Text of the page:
Doctors and Patients, Teachers and Students–Medicine and Education

12 Sep

I’ve been avoiding the Stanford Alumni magazine this issue, because the main article is about depression, and that seemed like such a…downer.  But I finally opened it, and the article, about Professor David Burns’s techniques for fighting depression, struck a chord.

It turns out that a lot of his techniques for successful therapy closely mirror what we know about successful teaching and coaching.  Not such a shock when you think about it–both fields are about working with people and moving them from where they are to a better (more advanced, more happy, more proficient) state.

In particular, Burns talks about his metholodogy, called TEAM–testing, empathy, agenda setting, and methods.  It bears a remarkable resemblance to best practices in teaching.

“Testing means requiring that patients complete a short mood survey before and after each therapy session…Therapists falsely believe that their impression or gut instinct about what the patient is feeling is accurate,” says May, when in fact their accuracy is very low. “  In teaching?  Assessment, particularly formative assessment, so we can track patient/student progress as we go, rather than just at the end.

“An error many therapists make, says Burns, is skipping empathy and agenda setting and jumping straight into methods. It’s the desire to fix patients instantly that drives this ultimately unproductive shortcut.”  In teaching?  Community building.  How many of us jump into curriculum and hard-core strategy work too early, because we feel like we need to be teaching SOMETHING.  It’s hard to slow down and do the foundational work of community building, norm setting, procedures and routines, but without them, the best lessons in the world have nothing to stick onto.

“…the key to agenda setting is specificity: focusing on an upsetting incident or moment around which different methods can be tried. Saying “I just haven’t made anything of my life” is unlikely to lead anywhere.”  In teaching?  Specific teaching points and goals.  It’s the difference between saying, “Proficient readers read fluently”  (true, but  broad) and, “Readers read smoothly and fluently.  One way they do this is by thinking about how the character is feeling and reading with that expression,”  (for your robot readers) OR “Readers read smoothly and fluently.  One way they do this is by scanning the punctuation beforehand and reading in chunks, up to commas and periods,”  (for readers who run through punctuation.)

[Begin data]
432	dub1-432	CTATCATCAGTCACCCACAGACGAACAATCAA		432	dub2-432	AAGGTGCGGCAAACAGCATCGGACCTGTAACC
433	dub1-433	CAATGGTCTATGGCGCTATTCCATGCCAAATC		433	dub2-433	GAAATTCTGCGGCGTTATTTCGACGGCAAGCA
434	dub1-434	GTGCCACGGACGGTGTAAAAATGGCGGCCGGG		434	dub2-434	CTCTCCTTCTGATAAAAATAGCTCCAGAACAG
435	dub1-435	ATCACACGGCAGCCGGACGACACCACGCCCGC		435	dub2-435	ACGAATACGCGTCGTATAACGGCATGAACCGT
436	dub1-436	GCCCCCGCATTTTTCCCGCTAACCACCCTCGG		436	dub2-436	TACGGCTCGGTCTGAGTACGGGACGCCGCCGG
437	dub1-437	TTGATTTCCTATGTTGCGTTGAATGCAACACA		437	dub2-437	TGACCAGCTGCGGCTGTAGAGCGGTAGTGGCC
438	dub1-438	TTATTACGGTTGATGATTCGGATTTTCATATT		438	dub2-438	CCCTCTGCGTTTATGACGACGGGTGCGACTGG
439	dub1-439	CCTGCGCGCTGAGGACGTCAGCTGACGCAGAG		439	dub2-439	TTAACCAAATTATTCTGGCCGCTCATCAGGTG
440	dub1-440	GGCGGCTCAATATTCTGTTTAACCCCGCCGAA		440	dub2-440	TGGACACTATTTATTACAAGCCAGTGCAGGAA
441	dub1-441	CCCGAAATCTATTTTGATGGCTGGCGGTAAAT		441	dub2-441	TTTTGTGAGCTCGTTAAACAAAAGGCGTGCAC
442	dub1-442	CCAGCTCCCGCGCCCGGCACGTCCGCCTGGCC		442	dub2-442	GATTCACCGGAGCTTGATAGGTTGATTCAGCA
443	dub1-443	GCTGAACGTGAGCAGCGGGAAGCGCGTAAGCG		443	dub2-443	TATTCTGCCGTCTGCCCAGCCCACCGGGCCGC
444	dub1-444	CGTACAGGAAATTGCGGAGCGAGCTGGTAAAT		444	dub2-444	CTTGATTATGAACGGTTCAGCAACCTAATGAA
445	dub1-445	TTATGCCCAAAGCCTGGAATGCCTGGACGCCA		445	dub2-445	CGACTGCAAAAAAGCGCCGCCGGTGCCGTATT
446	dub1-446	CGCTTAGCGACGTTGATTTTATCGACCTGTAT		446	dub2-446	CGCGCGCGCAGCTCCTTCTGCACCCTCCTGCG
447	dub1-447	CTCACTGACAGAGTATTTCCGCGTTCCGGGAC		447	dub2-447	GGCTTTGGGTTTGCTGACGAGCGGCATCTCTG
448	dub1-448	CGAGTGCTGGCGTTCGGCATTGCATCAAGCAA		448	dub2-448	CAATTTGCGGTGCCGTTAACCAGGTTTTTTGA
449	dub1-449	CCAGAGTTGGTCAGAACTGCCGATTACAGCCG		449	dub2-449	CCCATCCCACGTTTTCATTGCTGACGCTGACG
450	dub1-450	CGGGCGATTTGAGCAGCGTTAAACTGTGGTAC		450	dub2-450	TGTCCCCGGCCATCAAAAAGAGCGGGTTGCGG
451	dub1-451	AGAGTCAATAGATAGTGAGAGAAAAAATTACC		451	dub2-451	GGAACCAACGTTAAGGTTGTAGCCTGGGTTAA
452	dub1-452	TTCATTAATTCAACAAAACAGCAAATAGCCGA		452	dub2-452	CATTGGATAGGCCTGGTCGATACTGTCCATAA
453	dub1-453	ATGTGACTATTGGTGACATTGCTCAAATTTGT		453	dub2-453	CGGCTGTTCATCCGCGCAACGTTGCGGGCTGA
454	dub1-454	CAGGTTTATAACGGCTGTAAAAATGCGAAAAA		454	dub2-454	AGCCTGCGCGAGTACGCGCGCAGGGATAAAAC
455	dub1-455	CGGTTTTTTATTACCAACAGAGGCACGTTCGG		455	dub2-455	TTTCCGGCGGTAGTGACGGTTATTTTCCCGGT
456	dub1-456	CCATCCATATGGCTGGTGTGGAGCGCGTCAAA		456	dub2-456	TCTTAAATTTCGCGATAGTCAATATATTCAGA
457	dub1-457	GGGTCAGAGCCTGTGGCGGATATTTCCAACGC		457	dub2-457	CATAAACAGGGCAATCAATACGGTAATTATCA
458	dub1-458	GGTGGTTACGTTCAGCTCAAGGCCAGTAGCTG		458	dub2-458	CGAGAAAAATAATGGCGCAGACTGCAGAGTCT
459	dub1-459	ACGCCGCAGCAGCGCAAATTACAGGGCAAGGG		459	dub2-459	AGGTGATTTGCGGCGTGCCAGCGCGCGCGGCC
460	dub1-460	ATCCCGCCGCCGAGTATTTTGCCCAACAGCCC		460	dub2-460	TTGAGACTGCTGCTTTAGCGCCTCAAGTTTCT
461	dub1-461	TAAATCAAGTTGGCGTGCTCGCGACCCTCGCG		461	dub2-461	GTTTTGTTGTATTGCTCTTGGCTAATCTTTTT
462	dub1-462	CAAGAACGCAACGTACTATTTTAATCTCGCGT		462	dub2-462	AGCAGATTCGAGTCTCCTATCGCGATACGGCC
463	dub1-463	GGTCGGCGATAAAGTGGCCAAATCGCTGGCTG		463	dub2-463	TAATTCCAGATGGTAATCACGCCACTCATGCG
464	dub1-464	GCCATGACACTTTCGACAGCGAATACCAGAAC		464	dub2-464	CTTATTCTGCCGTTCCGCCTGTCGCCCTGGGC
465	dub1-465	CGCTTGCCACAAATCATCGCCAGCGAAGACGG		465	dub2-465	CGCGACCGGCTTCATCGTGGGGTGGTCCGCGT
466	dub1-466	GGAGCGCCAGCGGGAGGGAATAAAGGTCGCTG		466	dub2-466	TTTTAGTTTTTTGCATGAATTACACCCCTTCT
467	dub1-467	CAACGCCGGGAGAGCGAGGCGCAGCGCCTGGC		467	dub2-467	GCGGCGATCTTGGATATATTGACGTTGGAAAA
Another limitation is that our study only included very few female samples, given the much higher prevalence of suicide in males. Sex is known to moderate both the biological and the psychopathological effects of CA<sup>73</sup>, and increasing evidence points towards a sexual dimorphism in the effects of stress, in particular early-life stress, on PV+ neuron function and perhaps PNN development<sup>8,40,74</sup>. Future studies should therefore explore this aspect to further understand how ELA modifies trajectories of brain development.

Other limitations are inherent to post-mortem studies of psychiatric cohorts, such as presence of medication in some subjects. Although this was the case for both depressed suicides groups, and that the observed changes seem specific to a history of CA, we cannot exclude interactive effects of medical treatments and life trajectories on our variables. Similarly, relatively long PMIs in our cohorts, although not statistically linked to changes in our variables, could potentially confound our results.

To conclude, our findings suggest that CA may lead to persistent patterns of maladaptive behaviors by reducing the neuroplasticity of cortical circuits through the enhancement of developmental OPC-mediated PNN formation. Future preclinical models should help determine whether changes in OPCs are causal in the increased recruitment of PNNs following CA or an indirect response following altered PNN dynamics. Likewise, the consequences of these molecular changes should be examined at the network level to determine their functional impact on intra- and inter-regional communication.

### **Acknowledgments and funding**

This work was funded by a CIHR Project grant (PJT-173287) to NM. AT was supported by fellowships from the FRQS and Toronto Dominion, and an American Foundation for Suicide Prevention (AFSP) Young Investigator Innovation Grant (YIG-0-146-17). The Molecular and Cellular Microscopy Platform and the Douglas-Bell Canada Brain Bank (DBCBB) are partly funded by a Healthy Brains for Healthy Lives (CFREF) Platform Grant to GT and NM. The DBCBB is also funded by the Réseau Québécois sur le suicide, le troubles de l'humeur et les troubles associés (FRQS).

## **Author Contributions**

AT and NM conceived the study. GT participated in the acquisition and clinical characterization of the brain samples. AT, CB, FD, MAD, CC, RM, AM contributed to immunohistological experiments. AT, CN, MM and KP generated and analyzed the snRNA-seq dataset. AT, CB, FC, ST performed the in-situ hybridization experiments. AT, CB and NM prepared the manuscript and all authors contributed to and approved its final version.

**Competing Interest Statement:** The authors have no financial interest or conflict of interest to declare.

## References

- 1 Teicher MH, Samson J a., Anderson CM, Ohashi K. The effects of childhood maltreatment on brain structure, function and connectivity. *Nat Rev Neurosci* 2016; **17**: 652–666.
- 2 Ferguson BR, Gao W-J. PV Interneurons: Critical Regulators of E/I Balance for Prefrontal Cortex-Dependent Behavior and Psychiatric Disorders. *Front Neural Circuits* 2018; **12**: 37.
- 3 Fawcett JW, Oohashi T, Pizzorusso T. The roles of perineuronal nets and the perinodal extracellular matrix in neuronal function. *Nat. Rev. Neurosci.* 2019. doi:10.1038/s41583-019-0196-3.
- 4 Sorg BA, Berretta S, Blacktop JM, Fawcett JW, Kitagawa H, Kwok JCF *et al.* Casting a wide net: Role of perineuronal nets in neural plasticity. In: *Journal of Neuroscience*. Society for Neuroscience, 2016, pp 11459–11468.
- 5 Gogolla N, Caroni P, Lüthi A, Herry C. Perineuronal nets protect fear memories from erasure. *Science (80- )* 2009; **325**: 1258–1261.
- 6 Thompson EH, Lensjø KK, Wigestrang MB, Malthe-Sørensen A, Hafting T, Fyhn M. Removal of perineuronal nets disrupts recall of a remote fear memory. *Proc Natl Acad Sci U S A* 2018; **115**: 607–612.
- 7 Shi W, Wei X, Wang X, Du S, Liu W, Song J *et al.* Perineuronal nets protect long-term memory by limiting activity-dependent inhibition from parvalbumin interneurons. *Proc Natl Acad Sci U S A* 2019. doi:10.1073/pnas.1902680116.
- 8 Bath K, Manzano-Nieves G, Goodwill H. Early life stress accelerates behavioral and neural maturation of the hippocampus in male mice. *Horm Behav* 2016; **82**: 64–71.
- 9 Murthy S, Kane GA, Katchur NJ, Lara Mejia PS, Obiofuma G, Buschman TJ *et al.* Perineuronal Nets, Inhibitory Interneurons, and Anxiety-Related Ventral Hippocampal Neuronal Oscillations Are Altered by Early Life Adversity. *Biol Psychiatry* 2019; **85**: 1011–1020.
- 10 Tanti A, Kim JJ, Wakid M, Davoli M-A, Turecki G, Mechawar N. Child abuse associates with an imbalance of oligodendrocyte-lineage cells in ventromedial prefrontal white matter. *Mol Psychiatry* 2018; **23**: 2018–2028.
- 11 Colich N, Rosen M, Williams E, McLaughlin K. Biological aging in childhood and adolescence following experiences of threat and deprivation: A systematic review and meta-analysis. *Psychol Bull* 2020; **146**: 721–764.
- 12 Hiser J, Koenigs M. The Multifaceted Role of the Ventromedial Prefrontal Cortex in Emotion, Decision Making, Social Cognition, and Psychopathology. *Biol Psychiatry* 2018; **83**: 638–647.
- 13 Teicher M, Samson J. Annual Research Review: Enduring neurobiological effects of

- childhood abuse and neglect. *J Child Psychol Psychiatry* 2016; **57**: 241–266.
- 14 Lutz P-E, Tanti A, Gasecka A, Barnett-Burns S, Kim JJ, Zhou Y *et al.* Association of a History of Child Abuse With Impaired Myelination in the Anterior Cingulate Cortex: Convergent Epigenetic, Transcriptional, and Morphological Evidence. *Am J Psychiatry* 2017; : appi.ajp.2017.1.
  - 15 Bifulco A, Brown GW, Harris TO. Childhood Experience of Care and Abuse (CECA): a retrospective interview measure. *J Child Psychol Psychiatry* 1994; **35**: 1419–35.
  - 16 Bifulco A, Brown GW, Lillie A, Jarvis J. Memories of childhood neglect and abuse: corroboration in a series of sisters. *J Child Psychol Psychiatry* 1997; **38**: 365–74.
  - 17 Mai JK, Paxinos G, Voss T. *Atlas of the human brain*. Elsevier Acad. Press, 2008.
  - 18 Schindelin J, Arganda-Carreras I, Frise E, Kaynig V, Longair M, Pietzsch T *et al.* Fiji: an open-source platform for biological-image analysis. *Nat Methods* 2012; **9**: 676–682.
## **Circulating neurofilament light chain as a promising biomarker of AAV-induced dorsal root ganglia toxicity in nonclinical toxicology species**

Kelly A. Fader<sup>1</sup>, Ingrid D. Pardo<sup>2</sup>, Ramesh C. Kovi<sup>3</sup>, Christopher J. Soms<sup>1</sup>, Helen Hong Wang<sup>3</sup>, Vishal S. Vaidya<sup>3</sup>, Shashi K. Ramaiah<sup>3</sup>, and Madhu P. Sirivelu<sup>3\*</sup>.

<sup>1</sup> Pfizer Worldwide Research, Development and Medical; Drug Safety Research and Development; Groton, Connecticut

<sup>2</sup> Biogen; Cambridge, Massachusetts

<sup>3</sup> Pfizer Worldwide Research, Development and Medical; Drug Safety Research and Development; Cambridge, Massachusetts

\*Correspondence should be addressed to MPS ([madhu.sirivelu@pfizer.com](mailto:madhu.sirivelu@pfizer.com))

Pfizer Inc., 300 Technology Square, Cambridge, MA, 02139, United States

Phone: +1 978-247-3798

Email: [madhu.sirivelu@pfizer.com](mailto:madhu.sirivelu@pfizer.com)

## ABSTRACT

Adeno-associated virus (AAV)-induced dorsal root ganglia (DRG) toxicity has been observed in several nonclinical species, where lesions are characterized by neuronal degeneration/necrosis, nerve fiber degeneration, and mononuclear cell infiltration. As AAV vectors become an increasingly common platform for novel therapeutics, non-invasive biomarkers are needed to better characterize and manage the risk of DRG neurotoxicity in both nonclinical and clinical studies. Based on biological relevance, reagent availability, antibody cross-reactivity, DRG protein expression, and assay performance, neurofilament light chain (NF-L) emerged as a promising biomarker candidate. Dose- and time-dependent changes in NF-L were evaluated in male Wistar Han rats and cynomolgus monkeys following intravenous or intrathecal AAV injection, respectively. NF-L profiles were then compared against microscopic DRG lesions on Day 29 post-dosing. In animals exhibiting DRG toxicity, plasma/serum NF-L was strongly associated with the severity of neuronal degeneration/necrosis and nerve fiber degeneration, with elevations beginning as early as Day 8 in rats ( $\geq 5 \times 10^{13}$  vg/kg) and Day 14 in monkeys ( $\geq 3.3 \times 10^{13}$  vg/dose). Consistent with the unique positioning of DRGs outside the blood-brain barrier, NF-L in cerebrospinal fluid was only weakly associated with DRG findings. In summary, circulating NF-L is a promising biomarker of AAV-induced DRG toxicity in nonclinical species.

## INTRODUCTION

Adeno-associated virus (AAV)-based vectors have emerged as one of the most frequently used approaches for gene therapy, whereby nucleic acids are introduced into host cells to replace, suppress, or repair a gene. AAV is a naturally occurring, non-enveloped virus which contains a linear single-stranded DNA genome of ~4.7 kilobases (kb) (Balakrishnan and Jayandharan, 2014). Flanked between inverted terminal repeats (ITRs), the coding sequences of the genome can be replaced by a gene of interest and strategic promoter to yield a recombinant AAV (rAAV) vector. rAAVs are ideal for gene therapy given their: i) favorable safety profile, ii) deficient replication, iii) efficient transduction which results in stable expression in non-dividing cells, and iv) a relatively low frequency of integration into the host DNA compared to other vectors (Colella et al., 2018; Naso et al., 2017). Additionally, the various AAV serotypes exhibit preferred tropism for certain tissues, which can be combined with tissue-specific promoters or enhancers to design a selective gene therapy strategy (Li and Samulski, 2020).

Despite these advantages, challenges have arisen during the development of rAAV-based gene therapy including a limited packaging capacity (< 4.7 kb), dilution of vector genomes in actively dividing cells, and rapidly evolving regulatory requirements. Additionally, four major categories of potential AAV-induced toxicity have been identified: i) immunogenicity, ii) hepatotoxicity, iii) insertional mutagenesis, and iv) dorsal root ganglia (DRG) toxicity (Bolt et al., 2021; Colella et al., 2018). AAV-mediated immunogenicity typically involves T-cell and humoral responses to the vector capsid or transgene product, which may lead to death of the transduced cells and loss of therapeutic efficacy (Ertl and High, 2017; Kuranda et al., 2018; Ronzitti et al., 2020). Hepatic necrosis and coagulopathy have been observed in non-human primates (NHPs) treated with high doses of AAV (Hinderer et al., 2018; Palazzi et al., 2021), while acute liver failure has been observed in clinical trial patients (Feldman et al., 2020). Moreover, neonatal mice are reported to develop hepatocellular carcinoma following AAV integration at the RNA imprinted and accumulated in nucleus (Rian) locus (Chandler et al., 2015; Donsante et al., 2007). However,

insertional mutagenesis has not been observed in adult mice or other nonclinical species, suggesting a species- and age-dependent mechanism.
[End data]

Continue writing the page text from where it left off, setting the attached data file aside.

Therapists need to forget that they are supposed to be disciples of this or that school and apply what has been proven and known to work. In teaching?  Instructional expertise in best practices.  I laughed when Burns wrote,

Can you imagine going to a doctor with a broken leg and he prescribes penicillin? You’d say, ‘Why are you giving me penicillin for a broken leg?’ And the doctor says, ‘Well I’m in the penicillin movement. Brain tumor, broken leg, you get penicillin.’ It would seem ridiculous.” Burns feels the same way about therapists who rigidly subscribe to a single therapeutic approach.

This feels so close to so many educational debates, like phonics vs. whole language (how about kids be able to decode words and comprehend them?).  It feels pretty safe to say that just like every patient doesn’t need the same treatment, every child doesn’t benefit from the same type of instruction.

It’s interesting that Burns’s methods are seen as revolutions in the field of psychiatry.  Education and business have long been thrown together by corporate America, but maybe education and medicine should take a closer look at one another.  It might be surprising what we can learn from each other.

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